The job of coaching the team in qualifying for the 2010 World Cup fell to Jorge Fossati, who led the team throughout the first and second AFC rounds up to the third one. After leaving them at the top of their group in the third round with only two played matches, Fossati had to undergo stomach surgery. Subsequently, the Qatar Football Association ended their co-operation with him in September 2008, as the QFA claimed he needed too long to recover from surgery.Bruno Metsu was called up for the job, but Qatar failed to qualify after finishing fourth in their qualifying group.
In 2011, as hosts of the 2011 Asian Cup, they advanced to the quarter-finals. They lost 2–3 to eventual champions Japan, due to a goal by Masahiko Inoha in the 89th minute.
Also as hosts, they went on to win the 2014 WAFF Championship after defeating Jordan 2–0 in the final. The competition was made up primarily of youth and reserve teams, of which Qatar's was the latter.Djamel Belmadi, the head coach of the B team, replaced Fahad Thani as the head coach of the senior team as a result of the team's positive performances. 10 months later, Djamel Belmadi led Qatar to gold in the 2014 Gulf Cup. They advanced from the group stages after 3 draws, going on to defeat Oman 3–1 in the semi-final, and were victorious in the final against Saudi Arabia, who were playing in front of a home crowd, by a margin of 2–1.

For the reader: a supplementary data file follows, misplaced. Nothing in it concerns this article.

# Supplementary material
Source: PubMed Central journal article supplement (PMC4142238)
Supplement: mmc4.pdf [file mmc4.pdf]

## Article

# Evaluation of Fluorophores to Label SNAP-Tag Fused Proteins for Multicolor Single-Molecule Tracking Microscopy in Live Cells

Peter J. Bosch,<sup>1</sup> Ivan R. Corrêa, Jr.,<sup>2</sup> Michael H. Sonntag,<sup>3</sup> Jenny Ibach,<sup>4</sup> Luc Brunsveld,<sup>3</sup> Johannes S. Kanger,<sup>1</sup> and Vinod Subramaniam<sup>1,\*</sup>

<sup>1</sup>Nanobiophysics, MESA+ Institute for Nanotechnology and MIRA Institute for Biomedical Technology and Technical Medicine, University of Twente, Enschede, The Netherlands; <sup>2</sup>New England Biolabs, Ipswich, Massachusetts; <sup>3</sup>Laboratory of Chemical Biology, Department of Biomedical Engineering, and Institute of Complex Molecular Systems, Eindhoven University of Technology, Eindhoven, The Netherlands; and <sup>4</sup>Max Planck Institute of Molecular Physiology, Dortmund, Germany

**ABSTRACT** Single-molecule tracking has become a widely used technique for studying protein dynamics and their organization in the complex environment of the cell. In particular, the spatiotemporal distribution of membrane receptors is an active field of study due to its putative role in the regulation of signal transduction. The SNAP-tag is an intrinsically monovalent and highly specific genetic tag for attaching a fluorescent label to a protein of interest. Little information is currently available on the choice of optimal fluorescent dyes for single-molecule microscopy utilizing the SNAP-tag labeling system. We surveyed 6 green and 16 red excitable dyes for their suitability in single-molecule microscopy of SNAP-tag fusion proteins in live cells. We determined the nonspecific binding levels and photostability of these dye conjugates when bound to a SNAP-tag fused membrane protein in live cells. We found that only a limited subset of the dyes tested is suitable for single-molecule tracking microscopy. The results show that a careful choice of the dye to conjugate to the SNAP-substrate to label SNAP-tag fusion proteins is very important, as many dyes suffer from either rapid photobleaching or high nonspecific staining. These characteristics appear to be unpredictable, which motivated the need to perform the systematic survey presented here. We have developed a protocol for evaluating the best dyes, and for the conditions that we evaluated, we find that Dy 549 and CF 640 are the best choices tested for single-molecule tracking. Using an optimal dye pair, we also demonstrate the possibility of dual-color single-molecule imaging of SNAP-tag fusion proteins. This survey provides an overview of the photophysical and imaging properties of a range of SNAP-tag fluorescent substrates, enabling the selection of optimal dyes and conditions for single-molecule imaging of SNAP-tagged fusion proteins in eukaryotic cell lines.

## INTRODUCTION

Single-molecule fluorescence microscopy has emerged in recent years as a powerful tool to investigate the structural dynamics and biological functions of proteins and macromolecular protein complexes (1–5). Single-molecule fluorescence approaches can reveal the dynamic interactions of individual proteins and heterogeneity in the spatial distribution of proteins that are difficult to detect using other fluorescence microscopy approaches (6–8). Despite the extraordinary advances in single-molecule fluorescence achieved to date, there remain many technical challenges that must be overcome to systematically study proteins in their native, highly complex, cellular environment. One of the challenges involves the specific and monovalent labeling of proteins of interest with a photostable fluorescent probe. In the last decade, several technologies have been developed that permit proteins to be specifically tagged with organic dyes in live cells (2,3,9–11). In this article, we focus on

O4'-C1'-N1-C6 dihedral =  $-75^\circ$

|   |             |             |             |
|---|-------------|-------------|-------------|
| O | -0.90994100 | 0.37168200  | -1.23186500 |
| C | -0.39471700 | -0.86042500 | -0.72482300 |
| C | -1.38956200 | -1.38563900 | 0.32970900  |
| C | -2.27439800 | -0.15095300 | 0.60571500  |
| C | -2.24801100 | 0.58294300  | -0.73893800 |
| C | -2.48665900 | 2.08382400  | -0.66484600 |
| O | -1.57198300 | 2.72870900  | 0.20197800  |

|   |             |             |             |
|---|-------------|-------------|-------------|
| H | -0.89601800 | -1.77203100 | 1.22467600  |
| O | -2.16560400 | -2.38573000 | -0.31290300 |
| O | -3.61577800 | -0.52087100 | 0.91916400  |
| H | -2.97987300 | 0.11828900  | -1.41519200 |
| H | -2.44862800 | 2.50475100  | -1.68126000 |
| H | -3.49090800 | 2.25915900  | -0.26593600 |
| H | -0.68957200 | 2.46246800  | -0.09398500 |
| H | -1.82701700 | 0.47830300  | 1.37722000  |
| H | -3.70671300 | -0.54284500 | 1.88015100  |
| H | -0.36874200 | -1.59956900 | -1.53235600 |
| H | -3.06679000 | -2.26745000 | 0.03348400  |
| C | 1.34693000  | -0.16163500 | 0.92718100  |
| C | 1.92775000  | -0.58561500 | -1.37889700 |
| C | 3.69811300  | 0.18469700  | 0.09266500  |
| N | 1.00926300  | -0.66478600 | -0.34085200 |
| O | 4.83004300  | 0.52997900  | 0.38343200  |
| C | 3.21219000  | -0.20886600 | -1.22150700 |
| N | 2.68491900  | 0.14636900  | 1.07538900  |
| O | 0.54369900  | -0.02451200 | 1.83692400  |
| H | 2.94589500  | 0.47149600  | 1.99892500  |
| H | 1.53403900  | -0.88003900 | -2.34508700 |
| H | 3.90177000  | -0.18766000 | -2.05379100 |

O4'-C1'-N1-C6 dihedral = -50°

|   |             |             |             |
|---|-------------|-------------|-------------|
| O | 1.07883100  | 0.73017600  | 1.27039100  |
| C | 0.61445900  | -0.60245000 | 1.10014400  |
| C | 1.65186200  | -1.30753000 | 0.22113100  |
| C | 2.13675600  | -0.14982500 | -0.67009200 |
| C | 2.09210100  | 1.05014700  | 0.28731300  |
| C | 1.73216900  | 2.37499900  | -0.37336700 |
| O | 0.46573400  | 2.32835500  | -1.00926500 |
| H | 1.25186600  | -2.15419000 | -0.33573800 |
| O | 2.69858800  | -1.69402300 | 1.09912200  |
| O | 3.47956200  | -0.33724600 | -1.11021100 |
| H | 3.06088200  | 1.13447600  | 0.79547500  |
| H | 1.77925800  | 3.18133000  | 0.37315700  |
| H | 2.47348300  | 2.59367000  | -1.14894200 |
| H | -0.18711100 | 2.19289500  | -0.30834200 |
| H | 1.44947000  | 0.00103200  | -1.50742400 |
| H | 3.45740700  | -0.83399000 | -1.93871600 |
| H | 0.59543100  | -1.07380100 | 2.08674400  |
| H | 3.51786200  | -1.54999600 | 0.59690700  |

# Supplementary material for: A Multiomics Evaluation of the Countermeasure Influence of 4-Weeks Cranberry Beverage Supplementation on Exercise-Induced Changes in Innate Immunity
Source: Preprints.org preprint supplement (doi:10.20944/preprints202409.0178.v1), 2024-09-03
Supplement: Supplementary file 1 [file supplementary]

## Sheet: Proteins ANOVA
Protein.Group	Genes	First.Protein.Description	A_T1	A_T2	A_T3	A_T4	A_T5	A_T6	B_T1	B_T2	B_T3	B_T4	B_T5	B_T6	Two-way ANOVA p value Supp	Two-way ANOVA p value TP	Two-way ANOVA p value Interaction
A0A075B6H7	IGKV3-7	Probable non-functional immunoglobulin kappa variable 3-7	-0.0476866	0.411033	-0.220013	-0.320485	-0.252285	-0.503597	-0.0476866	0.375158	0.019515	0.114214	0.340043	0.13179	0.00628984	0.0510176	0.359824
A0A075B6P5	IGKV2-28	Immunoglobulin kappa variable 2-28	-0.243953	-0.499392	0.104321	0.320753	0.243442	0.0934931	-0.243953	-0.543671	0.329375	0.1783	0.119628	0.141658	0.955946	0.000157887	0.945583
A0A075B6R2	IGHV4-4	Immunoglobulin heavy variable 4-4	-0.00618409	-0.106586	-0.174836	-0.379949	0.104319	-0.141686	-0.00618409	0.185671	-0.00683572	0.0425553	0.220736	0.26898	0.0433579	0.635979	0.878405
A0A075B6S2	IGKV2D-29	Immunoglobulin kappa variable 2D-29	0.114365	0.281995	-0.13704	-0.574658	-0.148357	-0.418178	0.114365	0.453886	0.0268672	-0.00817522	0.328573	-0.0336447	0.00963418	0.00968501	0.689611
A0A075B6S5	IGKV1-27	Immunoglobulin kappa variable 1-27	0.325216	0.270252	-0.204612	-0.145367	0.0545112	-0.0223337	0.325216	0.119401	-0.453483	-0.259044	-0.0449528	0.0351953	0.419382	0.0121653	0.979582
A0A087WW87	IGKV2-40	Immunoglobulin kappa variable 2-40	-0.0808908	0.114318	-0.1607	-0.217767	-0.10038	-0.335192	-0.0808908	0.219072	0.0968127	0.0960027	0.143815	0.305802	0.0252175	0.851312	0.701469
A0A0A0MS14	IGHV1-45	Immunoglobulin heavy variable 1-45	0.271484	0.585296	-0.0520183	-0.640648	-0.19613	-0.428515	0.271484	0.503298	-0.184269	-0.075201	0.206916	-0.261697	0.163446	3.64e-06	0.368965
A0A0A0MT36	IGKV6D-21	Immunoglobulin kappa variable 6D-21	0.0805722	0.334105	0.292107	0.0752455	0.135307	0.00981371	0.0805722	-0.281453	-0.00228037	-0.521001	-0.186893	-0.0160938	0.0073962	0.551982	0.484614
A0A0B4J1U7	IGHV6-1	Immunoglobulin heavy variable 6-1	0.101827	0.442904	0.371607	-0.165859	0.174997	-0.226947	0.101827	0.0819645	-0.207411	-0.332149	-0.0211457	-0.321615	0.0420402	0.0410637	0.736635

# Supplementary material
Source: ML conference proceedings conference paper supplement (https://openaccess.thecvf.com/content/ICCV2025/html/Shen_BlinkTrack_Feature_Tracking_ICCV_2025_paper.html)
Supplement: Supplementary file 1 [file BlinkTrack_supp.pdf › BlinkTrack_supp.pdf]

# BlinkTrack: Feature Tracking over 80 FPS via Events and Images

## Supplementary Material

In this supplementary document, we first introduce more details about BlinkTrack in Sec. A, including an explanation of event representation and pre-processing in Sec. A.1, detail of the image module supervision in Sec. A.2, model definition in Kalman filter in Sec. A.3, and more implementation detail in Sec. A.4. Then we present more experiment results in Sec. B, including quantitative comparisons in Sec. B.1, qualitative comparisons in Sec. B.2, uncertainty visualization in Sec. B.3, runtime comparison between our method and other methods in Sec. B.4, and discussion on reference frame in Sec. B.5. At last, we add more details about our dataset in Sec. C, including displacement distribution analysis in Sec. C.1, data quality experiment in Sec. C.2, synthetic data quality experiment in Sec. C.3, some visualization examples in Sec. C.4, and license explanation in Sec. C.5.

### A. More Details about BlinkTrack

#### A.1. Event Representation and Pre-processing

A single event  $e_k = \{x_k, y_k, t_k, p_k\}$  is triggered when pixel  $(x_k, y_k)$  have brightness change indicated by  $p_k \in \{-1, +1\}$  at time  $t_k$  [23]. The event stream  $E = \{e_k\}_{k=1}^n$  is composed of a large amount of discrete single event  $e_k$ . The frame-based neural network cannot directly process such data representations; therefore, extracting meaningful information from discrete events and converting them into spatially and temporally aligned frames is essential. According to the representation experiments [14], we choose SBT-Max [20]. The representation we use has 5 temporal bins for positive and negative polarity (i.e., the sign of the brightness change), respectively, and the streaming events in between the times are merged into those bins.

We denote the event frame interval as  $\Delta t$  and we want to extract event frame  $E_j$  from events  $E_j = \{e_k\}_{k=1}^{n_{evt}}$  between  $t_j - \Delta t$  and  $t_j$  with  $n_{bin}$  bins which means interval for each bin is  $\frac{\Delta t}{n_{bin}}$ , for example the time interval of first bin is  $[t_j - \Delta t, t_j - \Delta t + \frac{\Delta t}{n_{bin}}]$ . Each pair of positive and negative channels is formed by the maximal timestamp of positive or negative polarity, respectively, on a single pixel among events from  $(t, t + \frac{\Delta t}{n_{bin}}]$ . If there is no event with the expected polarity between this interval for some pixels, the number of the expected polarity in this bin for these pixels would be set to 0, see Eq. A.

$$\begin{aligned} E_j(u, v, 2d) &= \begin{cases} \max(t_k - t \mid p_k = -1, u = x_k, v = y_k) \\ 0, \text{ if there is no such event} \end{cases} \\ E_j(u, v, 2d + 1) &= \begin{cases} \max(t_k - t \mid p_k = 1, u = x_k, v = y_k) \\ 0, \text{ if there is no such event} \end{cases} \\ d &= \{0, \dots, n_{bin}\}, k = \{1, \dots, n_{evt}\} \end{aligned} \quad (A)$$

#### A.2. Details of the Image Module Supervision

Despite winning the Gulf Cup and finished the 2014 year with only one defeat, Qatar showed a poor form in 2015 AFC Asian Cup. Qatar was defeated 1–4 by United Arab Emirates in their opener. This was continued with a 0–1 loss to Iran and 1–2 to Bahrain. Qatar eliminated in the group stages with no points and placed 4th in Group C.
The Gulf Cup of Nations has been played on a bi-annual basis since 1970. The tournament has changed since the first edition from a round-robin basis to a knockout tournament in the latter years. Notably, the 2000 edition was cancelled and the 2003 and 2010 were moved due to congested fixture lists with other tournaments, such as the Asian Cup.